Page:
• More inventiveness, not the promulgation of monopolies (even nonprofit or regulatory ones) that stifle innovation and hamper collaboration,
    • Open standards to overcome the challenges, and
    • Standards development organizations which better serve the healthcare community needs by providing open standards
  • Business process automation that allows organizations to participate and track the terminology development process, reducing cost, and automating many aspects of the terminology release cycle is put in place.
  • Establishment of funds for healthcare standards in ways that do not rely on revenue generated by selling the standards themselves.

Acquisition and Licensing

The way in which licensing is done today is a far cry from the goal. Similar to the systems discussed in the previous section, healthcare standards that structure terminologies and classifications are developed by various organizations. These organizations are typically not for profit; however, the standards they produce are almost always released under proprietary licenses along with fees—even though the efforts to produce those standards are often provided by resources external to the standards organization itself.16

Take the case of HL7. It has placed all intellectual property of their standards into the public domain; however, HL7 retains the copyrights to published standards and sells the documents as a revenue-generating mechanism to help sustain the organization. The HL7 license requires that the specification documents must either be purchased or be available only to members who have limited ability to redistribute them to their customers. This inability to redistribute specifications has had a direct influence on the development and distribution of open source implementations of HL7 specifications, since the specifications of those implementations cannot be distributed to a group of potential implementers who are not HL7 members. Open posting of development content is thereby not allowed.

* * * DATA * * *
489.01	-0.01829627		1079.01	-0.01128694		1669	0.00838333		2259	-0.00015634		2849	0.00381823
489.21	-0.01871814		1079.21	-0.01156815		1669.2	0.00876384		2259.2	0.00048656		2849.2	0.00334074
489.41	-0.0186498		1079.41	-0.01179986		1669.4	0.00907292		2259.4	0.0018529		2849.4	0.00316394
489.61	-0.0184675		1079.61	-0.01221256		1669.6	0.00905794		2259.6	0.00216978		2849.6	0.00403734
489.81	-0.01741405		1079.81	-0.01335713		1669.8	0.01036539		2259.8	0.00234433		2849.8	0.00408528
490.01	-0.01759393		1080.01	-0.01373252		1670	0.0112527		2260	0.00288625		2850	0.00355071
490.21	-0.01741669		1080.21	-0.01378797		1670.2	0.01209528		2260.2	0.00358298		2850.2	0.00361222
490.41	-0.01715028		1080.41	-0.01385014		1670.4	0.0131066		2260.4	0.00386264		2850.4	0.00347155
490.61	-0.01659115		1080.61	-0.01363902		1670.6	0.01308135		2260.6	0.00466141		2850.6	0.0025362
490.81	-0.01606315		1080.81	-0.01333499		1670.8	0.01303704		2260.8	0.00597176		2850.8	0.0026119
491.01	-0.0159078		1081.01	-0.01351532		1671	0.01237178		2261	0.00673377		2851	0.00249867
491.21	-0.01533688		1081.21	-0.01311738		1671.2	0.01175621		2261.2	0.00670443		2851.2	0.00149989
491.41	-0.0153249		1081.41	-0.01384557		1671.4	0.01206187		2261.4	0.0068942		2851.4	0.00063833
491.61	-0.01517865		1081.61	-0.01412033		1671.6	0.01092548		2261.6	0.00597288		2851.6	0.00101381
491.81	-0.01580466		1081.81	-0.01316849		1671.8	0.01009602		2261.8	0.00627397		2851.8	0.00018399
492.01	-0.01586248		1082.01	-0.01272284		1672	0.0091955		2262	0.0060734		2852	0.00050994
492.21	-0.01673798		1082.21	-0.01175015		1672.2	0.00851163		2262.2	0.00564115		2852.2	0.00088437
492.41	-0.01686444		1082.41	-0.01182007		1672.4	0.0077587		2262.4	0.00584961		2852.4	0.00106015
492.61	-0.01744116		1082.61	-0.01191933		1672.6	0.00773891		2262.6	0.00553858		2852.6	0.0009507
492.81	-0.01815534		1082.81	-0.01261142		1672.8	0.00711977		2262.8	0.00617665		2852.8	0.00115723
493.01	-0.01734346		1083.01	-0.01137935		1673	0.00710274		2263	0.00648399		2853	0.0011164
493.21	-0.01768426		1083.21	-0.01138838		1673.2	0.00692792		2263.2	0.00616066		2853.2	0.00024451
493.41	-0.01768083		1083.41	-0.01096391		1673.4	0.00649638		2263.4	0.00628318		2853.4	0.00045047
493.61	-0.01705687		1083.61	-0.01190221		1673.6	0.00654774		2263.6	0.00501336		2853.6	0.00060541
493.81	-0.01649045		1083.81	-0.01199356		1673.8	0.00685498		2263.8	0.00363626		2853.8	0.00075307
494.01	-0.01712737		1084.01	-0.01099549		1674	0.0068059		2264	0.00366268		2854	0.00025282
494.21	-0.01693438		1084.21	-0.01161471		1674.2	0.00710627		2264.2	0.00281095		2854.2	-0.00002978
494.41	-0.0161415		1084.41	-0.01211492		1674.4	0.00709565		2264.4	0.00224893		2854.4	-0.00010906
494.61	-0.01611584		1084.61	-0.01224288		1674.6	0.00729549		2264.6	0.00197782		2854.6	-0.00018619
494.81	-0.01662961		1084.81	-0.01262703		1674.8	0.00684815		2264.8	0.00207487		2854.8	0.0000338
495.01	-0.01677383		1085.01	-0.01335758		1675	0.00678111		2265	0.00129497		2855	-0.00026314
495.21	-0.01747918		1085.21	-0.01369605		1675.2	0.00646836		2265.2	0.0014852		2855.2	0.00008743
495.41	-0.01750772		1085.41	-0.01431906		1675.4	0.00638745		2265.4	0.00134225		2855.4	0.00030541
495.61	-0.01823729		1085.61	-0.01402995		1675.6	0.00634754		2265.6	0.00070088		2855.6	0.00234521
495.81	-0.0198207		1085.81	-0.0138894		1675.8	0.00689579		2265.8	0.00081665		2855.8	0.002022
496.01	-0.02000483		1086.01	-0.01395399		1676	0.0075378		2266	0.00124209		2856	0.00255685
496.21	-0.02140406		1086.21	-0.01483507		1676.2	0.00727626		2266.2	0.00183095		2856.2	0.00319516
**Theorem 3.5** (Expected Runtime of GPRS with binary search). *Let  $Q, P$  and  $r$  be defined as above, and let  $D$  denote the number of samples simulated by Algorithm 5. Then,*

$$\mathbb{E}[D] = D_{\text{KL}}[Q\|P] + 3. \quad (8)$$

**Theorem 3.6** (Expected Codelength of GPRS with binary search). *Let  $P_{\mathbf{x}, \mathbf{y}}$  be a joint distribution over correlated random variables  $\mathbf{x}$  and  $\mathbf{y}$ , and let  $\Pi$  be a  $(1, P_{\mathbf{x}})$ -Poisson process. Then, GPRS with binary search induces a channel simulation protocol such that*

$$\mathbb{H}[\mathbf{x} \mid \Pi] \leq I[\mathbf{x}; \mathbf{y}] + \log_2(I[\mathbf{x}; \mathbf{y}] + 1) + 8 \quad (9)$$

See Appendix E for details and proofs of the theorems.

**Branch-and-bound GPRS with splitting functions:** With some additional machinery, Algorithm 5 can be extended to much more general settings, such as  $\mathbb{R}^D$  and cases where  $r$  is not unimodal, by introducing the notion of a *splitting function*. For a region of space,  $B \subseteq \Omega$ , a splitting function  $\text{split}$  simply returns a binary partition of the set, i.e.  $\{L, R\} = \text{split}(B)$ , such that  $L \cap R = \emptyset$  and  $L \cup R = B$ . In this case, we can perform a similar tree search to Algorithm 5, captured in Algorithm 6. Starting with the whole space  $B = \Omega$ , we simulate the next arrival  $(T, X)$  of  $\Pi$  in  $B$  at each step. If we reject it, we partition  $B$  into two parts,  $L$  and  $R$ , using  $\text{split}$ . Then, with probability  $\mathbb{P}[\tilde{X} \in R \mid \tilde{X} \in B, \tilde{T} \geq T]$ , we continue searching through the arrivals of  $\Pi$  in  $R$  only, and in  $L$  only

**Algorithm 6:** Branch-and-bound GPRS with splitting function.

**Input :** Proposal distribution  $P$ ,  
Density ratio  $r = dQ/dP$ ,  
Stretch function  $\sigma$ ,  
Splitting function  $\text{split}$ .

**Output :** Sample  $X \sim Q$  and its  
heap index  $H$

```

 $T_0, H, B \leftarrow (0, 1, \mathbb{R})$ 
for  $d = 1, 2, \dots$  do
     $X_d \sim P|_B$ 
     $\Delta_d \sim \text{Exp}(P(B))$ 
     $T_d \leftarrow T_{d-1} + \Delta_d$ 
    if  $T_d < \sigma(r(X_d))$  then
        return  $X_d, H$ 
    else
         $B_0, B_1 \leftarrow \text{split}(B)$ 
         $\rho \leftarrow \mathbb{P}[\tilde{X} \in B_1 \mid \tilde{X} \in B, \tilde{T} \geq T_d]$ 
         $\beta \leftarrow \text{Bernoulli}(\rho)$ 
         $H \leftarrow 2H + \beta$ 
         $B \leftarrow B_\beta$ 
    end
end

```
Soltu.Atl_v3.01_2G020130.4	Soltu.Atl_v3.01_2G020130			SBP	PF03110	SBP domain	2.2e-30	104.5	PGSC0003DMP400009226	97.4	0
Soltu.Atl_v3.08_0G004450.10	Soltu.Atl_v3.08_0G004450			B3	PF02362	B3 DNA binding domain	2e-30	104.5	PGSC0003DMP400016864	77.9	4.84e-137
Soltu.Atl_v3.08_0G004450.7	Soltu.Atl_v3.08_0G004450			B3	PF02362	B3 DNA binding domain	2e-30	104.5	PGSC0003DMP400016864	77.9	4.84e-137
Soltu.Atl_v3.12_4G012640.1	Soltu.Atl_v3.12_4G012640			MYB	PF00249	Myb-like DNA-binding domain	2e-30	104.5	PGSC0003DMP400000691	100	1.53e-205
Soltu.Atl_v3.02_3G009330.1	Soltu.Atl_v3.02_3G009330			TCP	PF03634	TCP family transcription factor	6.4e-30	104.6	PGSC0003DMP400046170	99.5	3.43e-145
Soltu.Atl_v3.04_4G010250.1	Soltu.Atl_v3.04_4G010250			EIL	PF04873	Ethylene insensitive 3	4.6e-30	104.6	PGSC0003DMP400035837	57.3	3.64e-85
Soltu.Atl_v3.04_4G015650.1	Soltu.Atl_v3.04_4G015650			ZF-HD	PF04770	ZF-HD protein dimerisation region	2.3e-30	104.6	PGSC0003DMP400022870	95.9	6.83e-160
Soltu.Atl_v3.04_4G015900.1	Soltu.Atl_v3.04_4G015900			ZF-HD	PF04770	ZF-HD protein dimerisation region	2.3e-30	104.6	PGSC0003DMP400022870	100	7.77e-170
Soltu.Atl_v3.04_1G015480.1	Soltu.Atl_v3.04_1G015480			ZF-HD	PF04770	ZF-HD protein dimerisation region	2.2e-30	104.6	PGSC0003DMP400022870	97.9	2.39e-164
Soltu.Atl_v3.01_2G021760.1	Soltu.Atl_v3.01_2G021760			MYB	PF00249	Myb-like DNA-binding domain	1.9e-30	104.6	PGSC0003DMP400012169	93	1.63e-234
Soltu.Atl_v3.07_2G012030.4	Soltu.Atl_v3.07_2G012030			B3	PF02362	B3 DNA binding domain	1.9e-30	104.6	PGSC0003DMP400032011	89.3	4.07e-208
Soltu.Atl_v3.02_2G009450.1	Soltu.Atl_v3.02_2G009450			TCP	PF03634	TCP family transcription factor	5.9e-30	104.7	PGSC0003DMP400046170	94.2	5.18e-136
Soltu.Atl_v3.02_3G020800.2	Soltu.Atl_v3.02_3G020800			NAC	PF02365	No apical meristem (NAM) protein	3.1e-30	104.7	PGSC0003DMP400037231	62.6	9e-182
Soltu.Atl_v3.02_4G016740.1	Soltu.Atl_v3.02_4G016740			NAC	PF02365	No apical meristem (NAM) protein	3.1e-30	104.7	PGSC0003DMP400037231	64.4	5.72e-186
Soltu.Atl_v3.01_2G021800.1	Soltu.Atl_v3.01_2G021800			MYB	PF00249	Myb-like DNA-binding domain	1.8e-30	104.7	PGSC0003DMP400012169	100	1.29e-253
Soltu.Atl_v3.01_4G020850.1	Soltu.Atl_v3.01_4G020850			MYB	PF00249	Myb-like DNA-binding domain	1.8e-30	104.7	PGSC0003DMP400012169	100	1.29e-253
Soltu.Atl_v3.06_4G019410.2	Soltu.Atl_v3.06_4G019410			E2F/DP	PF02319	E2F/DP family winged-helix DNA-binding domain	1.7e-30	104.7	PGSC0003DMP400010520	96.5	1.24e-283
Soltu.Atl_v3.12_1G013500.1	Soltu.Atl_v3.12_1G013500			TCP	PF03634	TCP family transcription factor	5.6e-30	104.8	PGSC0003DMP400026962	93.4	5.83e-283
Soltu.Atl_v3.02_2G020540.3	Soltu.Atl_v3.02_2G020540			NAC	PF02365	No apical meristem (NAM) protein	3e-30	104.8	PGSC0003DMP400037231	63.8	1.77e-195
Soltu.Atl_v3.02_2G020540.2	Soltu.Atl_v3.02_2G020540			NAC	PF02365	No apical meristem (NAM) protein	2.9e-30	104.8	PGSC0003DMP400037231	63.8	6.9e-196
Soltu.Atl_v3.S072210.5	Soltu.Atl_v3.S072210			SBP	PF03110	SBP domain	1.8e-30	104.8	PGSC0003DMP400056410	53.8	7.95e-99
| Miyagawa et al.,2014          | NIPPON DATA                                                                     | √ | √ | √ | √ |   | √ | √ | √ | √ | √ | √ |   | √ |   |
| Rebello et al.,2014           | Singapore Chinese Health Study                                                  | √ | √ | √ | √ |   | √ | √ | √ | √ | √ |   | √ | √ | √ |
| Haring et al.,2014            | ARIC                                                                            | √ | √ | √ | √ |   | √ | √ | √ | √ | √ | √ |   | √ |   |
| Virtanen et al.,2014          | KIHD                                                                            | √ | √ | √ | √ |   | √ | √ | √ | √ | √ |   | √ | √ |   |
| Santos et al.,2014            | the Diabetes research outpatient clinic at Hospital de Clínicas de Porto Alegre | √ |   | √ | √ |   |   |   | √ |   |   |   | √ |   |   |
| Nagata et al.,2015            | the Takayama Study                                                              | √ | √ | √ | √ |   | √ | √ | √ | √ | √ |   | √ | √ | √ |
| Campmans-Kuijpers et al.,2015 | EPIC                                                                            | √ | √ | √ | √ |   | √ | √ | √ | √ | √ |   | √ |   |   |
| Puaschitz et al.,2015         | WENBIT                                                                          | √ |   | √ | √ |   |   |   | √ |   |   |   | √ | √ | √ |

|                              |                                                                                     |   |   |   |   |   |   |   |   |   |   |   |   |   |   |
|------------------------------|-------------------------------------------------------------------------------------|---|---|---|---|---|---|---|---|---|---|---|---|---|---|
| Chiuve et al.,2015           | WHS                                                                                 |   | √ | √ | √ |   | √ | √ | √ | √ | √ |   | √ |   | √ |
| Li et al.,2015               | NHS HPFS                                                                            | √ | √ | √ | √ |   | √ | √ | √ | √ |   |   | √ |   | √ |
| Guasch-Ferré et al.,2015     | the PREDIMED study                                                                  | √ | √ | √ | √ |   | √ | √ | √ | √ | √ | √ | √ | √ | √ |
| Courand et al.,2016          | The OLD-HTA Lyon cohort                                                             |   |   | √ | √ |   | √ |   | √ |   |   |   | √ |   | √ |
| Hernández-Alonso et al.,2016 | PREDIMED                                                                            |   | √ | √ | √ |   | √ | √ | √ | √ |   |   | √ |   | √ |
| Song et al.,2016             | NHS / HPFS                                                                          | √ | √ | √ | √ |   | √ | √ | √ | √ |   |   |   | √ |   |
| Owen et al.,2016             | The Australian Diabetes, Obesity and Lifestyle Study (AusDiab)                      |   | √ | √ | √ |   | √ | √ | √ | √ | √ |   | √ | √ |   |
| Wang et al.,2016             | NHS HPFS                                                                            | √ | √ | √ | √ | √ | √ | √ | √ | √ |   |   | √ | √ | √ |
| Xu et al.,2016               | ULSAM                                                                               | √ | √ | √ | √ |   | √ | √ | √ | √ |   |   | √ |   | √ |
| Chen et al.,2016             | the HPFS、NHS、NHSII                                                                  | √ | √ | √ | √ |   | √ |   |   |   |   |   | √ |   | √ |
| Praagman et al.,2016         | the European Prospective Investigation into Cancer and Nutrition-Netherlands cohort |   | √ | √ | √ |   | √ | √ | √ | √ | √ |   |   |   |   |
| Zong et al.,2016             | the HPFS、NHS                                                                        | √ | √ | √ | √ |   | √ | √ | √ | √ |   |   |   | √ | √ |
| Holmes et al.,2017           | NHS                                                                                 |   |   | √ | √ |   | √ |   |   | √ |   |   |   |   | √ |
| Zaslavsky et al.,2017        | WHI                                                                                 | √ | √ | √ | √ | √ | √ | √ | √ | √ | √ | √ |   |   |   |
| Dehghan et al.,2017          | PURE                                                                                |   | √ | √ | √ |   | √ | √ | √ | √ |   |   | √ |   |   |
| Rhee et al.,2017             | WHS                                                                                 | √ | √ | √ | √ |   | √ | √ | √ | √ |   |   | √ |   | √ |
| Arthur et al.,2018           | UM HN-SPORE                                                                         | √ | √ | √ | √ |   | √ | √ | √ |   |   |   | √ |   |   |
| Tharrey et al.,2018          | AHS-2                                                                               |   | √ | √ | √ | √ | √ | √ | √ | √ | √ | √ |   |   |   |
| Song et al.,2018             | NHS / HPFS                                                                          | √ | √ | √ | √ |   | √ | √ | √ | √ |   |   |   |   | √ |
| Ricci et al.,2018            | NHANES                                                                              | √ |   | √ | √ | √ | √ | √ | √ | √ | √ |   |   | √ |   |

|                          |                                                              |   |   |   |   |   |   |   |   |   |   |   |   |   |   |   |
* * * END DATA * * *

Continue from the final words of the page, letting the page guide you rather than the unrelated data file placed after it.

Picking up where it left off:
Even LOINC, which charges no license fee for allowed uses, has specific use restrictions.17 The LOINC Committee has retained the copyright to its content so that it maintains editorial control of the content. It prohibits the LOINC content to be used to make a competing coding system for observations.18 These LOINC restrictions prevent development and/or enhancement of other products in ways that may promote interoperability because the other products may be regarded as “promulgating a different standard” and therefore is prohibited by the LOINC license. For example, it would be a violation of the LOINC license to map LOINC into an existing terminology by assigning a new identifier to the LOINC code and creating the appropriate linkages to the concepts in the existing terminology. The inability to create linkages in this way is a barrier to creating true interoperability between LOINC and other important clinical terminologies.

The SNOMED CT license is not standardized, and different organizations have different rights and responsibilities depending upon their particular license. The US National Library of Medicine (NLM) version of the SNOMED license prohibits distribution of SNOMED content outside the US, and it also prohibits modification of SNOMED “core content.” These restrictions make open collaboration around SNOMED-based content challenging for some and untenable for others. Many organizations are reluctant to engage in such collaboration when a third party is able to exercise unilateral control over content they may develop a dependency upon—even when that content is based upon their own work. The new SDO may remove some of the barriers to broader community participation in the enhancement and expansion of SNOMED CT.